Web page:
As baby grows, we hang on every sound, every babble, straining to hear his first word. Whether it’s “Da-da,” “uh-oh” or the coveted “Ma-ma,” we delight in each utterance and rejoice in every new word. And then one day it happens: We’re driving, someone cuts us off, we voice a four-letter epithet, and we hear an echo. To our disbelief, our innocent child repeats that “bad” word.” Baby’s just as smart — but this time, we’re not so proud.
Now we’ve got a problem. We realize we can’t speak freely in front of the baby anymore. But we’ve been speaking fluent potty mouth since we were 15. And old habits die hard.
How they learn
It’s best to prepare for your child’s language acquisition while he’s still in utero, jokes Janet Jenness, teacher and parent educator at South Seattle Community College Co-op Preschool. “It takes a lot of patience, and it’s not easy to change,” says Jenness. But children understand language by about the age of 1, Jenness says, so the sooner we clean up our acts, the better.
Language acquisition begins with babies studying our expressions and mouth movements, and then imitating them, says Dr. Ben Danielson, clinical director of the Odessa Brown Children’s Clinic at Seattle Children’s. Once they are able to mimic sounds, children learn that they can communicate to get their needs met. Most babies learn a few words in the first year, says Danielson; then at about 18 months, they’ll echo what they hear, and around 2 years old, they’re putting words together.
Why that word?
Kids latch on to swear words because they understand that they’re powerful, says Rebecca Huntley, M.S.W., a South Seattle parent educator and author of The Sleep Book for Tired Parents. “Your child sees the look on your face before and after [those words]. They sense the power of those words. They’ve been learning to read nonverbal cues since birth.”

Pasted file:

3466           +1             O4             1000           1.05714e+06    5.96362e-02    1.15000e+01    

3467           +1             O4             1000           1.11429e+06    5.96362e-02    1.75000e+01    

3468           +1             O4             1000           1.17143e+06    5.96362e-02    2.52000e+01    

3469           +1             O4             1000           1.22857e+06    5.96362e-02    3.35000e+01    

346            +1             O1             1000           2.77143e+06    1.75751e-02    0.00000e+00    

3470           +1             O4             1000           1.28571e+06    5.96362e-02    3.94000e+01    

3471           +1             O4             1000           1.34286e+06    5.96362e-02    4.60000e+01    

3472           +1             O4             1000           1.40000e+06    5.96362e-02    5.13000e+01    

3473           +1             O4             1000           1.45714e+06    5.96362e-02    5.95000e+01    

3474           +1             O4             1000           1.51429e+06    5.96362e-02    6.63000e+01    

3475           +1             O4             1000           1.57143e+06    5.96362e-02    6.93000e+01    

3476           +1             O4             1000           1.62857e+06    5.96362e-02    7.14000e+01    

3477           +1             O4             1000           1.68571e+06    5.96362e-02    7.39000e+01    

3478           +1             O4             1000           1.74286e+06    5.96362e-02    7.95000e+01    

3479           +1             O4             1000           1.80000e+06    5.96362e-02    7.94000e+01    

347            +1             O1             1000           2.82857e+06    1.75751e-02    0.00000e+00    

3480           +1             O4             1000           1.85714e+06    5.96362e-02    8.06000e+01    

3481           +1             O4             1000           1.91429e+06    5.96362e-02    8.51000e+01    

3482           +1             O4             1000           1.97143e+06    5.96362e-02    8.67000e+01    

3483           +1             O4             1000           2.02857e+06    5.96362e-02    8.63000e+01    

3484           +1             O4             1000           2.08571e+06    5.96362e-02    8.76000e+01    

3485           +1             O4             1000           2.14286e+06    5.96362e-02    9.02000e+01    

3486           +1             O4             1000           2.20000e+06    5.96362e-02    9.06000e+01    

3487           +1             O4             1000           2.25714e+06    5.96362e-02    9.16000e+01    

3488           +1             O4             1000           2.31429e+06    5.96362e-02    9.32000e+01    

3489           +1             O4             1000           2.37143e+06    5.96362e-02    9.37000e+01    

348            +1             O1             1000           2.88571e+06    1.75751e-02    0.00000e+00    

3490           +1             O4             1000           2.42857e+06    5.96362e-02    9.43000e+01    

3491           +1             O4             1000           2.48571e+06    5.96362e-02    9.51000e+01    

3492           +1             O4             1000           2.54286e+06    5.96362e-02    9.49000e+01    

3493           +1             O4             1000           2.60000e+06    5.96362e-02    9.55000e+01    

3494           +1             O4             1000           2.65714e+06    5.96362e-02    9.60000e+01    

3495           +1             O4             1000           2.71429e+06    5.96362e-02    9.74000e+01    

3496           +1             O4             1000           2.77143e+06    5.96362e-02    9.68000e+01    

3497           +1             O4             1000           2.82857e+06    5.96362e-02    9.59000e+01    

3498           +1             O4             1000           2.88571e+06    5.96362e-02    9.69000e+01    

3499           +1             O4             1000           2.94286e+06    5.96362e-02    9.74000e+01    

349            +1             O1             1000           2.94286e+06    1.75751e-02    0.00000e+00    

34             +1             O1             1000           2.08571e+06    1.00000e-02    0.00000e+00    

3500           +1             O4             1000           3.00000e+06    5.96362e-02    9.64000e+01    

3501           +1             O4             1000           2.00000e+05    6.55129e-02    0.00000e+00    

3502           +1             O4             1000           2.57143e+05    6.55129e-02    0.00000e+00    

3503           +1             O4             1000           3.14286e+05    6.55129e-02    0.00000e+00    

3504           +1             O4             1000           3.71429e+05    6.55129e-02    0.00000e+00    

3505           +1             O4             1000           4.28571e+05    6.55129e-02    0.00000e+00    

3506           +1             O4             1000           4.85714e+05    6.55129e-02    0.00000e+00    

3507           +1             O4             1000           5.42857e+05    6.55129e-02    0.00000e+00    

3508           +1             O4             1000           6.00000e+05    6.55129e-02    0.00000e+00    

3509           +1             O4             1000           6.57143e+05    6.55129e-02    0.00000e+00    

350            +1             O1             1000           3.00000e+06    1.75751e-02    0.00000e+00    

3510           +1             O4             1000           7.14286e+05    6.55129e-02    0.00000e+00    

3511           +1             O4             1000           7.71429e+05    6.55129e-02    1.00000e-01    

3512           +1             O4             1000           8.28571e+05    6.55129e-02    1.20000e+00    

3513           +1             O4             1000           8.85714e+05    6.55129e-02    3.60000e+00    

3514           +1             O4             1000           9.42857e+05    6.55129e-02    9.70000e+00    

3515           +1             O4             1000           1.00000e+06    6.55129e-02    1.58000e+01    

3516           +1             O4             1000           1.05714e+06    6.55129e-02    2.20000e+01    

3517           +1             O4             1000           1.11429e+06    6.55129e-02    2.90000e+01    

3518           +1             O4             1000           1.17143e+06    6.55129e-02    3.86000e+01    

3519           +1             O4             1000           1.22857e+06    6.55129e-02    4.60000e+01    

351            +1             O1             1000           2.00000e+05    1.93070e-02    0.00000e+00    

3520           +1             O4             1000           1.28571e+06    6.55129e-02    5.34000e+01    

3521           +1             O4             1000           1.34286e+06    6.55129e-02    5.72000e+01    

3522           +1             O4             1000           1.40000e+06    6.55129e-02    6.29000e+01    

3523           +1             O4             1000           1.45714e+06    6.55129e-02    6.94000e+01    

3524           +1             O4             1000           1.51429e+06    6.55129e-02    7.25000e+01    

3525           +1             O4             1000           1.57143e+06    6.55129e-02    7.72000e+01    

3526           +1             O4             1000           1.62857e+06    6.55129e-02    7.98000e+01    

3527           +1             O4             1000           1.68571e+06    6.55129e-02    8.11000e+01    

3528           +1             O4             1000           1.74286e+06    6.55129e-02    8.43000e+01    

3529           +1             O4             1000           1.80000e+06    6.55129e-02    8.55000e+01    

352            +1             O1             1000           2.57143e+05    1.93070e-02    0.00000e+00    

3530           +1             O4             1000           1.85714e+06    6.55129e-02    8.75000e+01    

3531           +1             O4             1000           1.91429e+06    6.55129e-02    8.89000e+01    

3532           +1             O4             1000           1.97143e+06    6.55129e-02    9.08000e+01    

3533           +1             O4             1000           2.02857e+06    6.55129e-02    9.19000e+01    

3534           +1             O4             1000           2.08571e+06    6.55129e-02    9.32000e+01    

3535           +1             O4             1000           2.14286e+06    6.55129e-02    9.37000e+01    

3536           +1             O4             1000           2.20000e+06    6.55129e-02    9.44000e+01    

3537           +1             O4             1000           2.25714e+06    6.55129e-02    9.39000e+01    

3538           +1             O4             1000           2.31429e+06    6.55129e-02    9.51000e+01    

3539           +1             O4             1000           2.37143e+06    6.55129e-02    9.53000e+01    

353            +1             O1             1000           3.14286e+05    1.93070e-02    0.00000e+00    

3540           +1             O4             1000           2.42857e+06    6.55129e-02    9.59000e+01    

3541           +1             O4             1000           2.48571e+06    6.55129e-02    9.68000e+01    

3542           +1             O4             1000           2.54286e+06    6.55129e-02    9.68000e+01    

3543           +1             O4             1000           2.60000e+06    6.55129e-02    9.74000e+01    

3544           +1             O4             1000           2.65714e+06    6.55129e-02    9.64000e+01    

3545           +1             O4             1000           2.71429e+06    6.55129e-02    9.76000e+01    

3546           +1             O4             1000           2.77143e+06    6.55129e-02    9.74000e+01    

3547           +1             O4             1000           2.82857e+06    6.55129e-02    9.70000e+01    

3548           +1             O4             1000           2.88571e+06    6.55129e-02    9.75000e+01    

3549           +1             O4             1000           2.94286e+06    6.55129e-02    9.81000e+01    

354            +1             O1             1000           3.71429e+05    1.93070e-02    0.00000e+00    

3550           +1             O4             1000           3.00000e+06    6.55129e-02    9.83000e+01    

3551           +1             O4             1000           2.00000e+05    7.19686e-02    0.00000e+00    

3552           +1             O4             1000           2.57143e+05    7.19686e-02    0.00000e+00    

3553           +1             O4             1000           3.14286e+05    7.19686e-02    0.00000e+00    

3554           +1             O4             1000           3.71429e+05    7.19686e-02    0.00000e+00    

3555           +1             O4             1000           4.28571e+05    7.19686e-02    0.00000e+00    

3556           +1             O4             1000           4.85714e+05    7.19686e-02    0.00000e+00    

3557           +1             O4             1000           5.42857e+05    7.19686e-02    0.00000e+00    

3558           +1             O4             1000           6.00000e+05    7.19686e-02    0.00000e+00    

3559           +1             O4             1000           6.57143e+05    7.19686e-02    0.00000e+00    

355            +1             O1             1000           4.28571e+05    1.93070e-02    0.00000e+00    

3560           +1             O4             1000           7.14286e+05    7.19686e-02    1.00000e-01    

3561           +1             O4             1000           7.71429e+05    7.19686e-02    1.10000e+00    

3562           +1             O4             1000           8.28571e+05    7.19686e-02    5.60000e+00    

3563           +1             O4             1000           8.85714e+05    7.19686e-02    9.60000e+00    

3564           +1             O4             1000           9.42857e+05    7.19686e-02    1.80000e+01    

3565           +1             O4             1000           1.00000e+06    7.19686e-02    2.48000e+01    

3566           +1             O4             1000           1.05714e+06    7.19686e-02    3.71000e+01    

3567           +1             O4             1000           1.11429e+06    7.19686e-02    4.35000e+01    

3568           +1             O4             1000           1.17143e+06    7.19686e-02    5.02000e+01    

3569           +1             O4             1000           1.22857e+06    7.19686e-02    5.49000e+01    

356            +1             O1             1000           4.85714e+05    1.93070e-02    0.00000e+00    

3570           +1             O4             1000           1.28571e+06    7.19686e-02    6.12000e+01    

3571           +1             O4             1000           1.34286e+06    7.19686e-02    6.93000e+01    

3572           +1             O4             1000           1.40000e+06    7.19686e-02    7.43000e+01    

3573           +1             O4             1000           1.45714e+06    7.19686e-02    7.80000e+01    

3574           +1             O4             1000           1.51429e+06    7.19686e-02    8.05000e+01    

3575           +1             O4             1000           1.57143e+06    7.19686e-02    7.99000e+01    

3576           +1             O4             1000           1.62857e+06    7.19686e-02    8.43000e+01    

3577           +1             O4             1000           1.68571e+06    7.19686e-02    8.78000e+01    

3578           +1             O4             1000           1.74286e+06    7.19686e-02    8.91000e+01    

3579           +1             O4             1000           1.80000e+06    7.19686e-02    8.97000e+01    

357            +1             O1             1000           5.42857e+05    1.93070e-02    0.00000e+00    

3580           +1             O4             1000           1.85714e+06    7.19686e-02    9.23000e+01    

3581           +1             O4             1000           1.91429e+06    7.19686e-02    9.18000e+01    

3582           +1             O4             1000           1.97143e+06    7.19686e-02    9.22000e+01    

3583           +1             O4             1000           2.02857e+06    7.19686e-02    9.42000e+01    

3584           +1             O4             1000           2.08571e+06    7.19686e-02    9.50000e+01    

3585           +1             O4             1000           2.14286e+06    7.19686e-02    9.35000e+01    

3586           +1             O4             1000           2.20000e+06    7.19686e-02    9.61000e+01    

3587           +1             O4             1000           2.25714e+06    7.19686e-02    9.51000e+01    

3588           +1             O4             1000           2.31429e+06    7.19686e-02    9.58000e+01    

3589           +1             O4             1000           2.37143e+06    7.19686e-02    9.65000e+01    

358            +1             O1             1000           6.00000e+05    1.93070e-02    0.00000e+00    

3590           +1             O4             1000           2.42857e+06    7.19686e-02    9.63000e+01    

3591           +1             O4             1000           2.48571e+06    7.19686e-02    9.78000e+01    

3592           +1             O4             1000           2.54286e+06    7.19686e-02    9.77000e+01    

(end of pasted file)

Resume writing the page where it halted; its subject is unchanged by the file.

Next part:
And if Mommy expresses anger or frustration by using the F-word, her child learns “this is how Mommy handles it,” says Jenness.
Adult potty mouth typically relates to the situation, Danielson says. “We’re more stressed when we hit our finger with a hammer or watch sports,” he says. In order to break the potty-mouth habit, Danielson suggests parents practice censoring themselves before hammer hits thumb and language filters are less accessible. “It’s important to model good coping skills around stressors,” Danielson says. Modeling wild emotional swings can make even a very young child feel less secure and stable, so the cooler we can be in hot situations, the better.
What to do with your cursing toddler
“S@#$, s@#$, s@#$!” exclaims your innocent 2-year-old. What do you do?
How you handle the situation depends upon the child’s age. By the time they’re 4 or 5, children understand “We don’t say that,” says Danielson. For toddlers, use your best redirection skills. Spark your child’s interest in something else — something fascinating — immediately.
Some strategies: You can pretend you’ve heard a slightly different word. “Sit? Did you just ask me to sit, honey?” Responding will ensure that baby feels heard, but experts agree that scolding just assures baby that the S-word guarantees a reaction. Another redirection strategy is to correct “pronunciation.” Responding to the F-word: “No, it’s f-uuu-dge, sweetie,” can appeal to a tot’s desire to learn new words.
Using your environment to redirect helps you think on your feet, says Kris Marion, a speech and language pathologist at Wonderland Developmental Center in Shoreline. If you’re shopping and Junior utters the F-word, try this: “Fork? I don’t see a fork. I see some picture frames and some boxes and some books. What do you see?” Now it’s a game that’s far more interesting.
Even if your child speaks fluent potty mouth, it’s not too late, says Danielson. Your child wants to respond to you and seeks your approval. Teaching him to voice anger and frustration appropriately will yield benefits for the whole family.
Maria Bellos Fisher is a freelance writer, blogger and mom. Her family-relationships blog, Hereditary Insanity, is available at mariabellosfisher.com/blog. She mastered potty mouth in junior high.
"Clean" expressions that will also do the trick
How do we sound cool when we’re feeling hot? We need to find new expressions that feel comfortable for us. Marion, Peck and others suggest you try one or more of these:
For the F-word: fudge, d’oh, phooey, flark, poo
F-ing: blessed, freaking, smurfing, stinking, flipping
F-ed: messed, fouled, slipped, flipped
For “Oh my God!”: Oh my goodness! Give me a break! Jiminy Crickets! Wubba wubba! Good gracious! Good grief! Oh dear! Good gravy! Golly Moses! For the love of Pete!
For the S-word: shoot, pits, sugar, shrimp, sheep, poopies, dooties
For the B.S. word: poppycock, bull, trash, bogus
For “Holy S-word!”: Holy stromboli! Holy moly! Holy cannoli! Holy Moses!
For the D-word: dagnabbit, flan, nuts, darn, harrumph, clamit, rats
The A-word/venting in the car (it’s probably better to quit this altogether, but until then): maniac, menace, dude, Bozo, dufus